Use access key #2 to skip to page content.

dpdoor (< 20)

Just Issue More Shares?



August 28, 2010 – Comments (9)

When a corporation issues more shares this reduces the value per share. But what does the revenues from the sell do to the bottom line?

As a skeptic of corporations at heart, I am going to go ahead and assume that the proceeds form the sell of their newly issued stocks makes it’s way in to the finical statement as a profit . It should not be shown as profit but looking at corporations financial statement you may notice a unexpected large increase in profit after issuing more shares.

Buy doing a little algebra on a spread sheet you can see that for every time a company issues 10% more shares their profit increases 90%.

The math I used: {1Billion x 10 per share = 1b add 10% shares 1.1bill, diluting the shares reduces the stock price to $9; 9 x 100mil shares = $900mil; 1b + .9b = 1.9 billion dollars, you are now up 90% with only 10% more shares.}

If their current p/e is higher or if this helps raise their p/e then the profit increase is an even higher percentage, with profit increases form 90 to 900% easily done.

Once I found it is profitable I looked at companies financial statements to see if it matches.

Since most companies had losses before issuing extra shares I simply found out how many more shares they had out in one quarter over the last , lets say it was 500million, then multiply that by the selling price during that quarter, lets say $10 and sure enough this quarter was up 5 billion. Of course this was just enough to show a respectable and believable profit.

In my opinion this profit is just a money pyramid profit not earned profit. Even if a company does not make money other ways it can do this for a couple of years or a couple of decades. Eventually it unravels, their stock drops 75% or more and the they either go bankrupt, have to borrow large amounts of money or get bailed-out by us.

Another thing is that a stock at $12 is the same as $24 when it had half the shares. This makes it hard to compare their stock to historical prices and is hard to value it’s target price.

9 Comments – Post Your Own

#1) On August 28, 2010 at 10:11 PM, AltData (32.02) wrote:

+1 rec

What happens to their financial statement when they buy back shares?

Report this comment
#2) On August 28, 2010 at 10:20 PM, atarigod (< 20) wrote:

Read a begining accounting text. When a company issues shares they do not record profit. It is a balance sheet transaction debiting cash and crediting equity.

Report this comment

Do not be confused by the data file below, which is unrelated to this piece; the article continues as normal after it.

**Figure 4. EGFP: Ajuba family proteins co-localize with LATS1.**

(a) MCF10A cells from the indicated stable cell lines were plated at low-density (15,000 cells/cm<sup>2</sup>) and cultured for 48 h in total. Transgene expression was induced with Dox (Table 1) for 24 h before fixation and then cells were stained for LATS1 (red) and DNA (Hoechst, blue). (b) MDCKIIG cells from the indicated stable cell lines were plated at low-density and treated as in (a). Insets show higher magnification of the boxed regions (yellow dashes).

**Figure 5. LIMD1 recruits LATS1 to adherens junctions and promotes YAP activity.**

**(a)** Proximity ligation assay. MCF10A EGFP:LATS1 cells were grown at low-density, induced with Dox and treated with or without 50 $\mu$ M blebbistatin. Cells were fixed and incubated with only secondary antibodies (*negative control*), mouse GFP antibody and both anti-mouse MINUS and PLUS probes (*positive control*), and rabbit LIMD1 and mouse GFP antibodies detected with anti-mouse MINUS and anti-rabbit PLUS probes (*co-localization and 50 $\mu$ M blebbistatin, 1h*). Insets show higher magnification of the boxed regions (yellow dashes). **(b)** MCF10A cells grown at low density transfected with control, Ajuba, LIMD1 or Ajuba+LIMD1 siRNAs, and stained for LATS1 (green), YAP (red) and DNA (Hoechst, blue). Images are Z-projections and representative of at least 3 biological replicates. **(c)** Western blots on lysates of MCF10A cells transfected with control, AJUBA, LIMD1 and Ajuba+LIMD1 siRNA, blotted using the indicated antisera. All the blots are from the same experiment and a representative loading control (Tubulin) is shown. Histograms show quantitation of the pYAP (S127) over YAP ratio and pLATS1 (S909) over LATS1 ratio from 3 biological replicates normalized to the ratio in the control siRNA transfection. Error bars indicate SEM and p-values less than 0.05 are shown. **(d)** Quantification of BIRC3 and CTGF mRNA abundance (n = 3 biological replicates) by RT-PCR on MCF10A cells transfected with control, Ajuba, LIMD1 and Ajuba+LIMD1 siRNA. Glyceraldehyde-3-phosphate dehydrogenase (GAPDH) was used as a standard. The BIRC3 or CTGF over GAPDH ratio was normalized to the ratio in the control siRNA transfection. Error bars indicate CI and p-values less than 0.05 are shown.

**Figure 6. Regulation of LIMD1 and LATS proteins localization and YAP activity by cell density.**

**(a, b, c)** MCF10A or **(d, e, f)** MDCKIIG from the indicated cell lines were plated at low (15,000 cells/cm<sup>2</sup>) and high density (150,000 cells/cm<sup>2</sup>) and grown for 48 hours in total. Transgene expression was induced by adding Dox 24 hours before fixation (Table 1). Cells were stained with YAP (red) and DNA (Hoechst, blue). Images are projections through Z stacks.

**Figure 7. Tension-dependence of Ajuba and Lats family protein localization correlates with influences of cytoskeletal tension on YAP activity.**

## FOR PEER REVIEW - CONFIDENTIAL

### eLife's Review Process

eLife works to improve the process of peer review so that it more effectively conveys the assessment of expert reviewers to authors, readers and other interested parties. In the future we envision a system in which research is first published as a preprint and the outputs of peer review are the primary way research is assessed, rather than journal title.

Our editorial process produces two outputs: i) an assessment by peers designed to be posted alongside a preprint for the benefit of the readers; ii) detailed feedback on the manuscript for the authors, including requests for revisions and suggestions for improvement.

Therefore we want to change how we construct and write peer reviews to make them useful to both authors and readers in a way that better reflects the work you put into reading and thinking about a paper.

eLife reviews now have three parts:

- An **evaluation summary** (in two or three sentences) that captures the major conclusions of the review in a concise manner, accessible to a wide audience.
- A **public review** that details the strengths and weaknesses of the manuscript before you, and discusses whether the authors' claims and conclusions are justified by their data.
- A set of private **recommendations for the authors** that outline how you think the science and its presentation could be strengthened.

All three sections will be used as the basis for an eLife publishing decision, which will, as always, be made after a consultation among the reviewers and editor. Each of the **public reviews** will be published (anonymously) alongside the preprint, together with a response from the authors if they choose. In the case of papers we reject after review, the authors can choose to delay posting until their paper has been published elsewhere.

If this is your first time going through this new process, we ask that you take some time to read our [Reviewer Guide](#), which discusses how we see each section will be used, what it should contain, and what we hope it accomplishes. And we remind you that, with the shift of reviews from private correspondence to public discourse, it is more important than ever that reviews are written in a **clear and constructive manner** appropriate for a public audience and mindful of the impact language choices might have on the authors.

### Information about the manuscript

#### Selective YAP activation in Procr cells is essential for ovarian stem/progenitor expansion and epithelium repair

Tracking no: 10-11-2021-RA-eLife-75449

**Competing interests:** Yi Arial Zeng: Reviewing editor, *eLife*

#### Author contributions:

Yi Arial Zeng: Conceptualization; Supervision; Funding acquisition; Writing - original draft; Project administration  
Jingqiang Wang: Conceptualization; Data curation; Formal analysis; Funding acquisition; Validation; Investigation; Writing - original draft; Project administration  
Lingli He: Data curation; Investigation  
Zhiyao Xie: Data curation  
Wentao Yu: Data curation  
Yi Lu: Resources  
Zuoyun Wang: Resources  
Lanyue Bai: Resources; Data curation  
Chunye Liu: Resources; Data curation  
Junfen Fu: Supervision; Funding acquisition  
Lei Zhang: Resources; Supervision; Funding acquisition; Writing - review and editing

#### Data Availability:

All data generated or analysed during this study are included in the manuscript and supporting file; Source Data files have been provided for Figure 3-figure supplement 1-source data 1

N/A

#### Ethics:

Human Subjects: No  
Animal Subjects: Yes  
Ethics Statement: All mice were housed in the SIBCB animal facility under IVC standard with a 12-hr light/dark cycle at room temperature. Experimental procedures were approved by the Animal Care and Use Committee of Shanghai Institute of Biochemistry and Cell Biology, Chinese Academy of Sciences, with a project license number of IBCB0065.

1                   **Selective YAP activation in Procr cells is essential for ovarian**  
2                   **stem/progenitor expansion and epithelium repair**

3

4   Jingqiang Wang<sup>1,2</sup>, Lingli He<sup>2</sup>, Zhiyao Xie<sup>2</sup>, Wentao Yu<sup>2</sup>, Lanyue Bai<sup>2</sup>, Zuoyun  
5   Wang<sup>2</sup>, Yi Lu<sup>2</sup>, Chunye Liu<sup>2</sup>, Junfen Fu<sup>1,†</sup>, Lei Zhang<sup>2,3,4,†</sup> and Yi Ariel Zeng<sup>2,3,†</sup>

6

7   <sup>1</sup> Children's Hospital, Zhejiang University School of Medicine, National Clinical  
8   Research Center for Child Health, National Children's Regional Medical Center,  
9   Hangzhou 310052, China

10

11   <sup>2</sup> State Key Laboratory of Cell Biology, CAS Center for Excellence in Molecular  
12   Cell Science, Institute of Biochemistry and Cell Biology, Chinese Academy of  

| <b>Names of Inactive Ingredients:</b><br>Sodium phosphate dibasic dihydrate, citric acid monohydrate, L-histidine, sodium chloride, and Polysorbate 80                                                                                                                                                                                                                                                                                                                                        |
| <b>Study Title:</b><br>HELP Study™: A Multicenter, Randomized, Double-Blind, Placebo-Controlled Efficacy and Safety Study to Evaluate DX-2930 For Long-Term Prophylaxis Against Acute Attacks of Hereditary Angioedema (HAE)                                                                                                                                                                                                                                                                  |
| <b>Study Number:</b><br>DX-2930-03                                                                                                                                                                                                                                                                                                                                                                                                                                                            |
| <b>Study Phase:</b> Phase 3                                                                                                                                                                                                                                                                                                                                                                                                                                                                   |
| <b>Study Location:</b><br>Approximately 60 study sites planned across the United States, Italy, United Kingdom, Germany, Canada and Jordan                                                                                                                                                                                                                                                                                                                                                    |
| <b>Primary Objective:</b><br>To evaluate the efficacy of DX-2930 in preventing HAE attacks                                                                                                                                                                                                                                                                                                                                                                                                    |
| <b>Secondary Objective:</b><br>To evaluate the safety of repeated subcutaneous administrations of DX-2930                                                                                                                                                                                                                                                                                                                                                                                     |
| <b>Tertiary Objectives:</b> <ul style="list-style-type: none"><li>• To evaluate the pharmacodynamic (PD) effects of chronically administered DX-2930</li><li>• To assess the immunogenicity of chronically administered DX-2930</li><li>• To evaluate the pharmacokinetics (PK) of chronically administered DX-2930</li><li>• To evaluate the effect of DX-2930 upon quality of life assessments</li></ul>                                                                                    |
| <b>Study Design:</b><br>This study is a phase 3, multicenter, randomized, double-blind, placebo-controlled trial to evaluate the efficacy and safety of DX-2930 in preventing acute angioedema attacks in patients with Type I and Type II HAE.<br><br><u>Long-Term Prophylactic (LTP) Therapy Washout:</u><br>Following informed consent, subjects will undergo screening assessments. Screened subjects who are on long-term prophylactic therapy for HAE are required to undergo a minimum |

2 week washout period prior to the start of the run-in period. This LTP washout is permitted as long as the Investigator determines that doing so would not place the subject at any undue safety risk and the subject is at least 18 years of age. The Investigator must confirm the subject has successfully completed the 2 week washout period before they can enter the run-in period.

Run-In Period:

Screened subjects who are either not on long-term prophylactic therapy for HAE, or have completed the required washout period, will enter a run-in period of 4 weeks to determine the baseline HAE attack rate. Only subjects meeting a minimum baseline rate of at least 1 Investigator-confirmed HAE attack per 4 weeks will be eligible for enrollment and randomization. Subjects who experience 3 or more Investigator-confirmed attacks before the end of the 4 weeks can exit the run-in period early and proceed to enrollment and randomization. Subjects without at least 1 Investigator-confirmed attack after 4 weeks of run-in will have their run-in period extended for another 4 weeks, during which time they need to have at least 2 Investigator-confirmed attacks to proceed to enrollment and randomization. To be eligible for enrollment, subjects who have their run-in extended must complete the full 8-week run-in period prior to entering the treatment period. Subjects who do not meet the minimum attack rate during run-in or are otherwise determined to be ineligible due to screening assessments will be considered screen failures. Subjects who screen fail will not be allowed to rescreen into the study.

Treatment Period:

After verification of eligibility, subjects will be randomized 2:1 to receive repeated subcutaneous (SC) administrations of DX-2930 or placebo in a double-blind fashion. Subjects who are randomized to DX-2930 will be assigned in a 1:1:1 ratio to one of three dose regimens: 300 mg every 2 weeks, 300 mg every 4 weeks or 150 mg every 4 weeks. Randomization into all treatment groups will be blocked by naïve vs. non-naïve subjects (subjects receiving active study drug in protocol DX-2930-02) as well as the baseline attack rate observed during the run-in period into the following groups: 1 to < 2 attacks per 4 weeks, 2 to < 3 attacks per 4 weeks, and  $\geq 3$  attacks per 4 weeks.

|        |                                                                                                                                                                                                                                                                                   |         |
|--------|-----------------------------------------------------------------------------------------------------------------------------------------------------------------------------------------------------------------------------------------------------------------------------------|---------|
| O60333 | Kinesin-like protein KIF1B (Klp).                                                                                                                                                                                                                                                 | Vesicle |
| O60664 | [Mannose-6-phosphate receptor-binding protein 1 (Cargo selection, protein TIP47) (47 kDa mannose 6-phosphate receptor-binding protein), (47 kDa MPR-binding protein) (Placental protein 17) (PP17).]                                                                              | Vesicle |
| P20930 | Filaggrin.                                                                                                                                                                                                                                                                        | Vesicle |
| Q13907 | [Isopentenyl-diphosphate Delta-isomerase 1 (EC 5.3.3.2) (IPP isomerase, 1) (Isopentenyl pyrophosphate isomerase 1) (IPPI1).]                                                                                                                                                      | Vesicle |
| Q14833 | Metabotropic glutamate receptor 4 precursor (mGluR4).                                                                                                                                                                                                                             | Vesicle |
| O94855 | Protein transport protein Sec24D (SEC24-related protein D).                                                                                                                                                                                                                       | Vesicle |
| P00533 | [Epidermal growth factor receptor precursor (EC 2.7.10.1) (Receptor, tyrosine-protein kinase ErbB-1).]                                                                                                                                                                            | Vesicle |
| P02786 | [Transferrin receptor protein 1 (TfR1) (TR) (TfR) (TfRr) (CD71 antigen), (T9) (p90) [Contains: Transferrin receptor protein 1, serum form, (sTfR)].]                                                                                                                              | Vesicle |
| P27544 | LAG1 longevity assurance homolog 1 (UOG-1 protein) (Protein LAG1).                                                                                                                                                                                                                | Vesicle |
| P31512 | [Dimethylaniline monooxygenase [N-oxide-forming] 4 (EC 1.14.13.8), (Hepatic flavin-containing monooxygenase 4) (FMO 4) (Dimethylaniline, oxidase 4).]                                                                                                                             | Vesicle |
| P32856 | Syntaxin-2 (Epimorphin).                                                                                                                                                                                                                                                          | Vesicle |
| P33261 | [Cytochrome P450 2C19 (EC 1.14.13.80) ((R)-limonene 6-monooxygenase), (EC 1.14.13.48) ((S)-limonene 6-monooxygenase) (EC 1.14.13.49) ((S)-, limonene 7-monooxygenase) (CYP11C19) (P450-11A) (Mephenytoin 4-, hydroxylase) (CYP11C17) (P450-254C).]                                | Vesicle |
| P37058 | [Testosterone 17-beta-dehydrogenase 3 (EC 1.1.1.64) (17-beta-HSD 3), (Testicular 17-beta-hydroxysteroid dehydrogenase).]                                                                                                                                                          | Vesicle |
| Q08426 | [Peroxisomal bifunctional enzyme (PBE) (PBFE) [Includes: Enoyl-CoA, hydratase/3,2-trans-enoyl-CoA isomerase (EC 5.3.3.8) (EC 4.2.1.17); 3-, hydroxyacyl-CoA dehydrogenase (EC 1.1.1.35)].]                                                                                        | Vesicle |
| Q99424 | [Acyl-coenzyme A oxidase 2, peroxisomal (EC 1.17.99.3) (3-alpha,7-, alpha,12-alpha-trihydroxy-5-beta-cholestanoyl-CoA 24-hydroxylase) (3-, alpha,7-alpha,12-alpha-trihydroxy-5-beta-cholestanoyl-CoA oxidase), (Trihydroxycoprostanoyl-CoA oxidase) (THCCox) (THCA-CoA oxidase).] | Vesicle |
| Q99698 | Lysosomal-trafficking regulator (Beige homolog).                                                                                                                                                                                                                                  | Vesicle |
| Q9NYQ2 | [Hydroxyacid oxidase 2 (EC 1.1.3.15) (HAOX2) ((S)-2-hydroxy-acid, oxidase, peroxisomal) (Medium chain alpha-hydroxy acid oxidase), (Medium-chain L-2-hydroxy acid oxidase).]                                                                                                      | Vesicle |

#3) On August 28, 2010 at 10:29 PM, dpdoor (< 20) wrote:

Yes it is an balance sheet entry but as I stated I believe it makes it’s way into the bottom line thought “creative bookkeeping”

Report this comment
#4) On August 28, 2010 at 10:43 PM, dpdoor (< 20) wrote:

when a compnay buys back shares I see that as a good thing. They would have to have the capital and were that comes from could be from profits.

Report this comment
#5) On August 29, 2010 at 4:47 AM, lorteungen (99.41) wrote:

Your math is broken and you're mixing up the numbers.

"1 Billion x 10 per share = 10b add 10% shares 1.1bill, diluting the shares reduces the stock price to $9.09; 9.09 x 100mil shares = $909 mil; 9.09 b (1 billion * $9.09) + 0.909 bill = 10 billion dollars, you are now up 0% with only 10% more shares."

Report this comment
#6) On August 29, 2010 at 4:49 AM, lorteungen (99.41) wrote:

Also I don't see how you got the p/e into it, you never mentioned the company's earnings, only their marketcap and share price

Report this comment
#7) On August 29, 2010 at 4:58 AM, dpdoor (< 20) wrote:

lorteungen, thanks, I wrote it a little to fast and did not copy it correctly,

but the fact still is becuse of the p/e ratio if a company issues more stock the money recived is much more then the added shares reduce the price per share.

It;s kinda cool though that you took the time to try the math.

Report this comment
#8) On August 29, 2010 at 5:02 AM, dpdoor (< 20) wrote:

I used a p/e of 10 for the test, The ernings would be one billion, 1b shares x 10 per share divided by the pe of 10.

Report this comment
#9) On August 29, 2010 at 5:44 AM, dpdoor (< 20) wrote:

it is easier with smaller numbers.

100 earnings


1 eps

10 pe

10 price per share

10 more shares added

9 new share price due to 10% more shares for same market cap 

90 new money from sell of 10 shares at new price.

this is 90% of earnings

Report this comment

Featured Broker Partners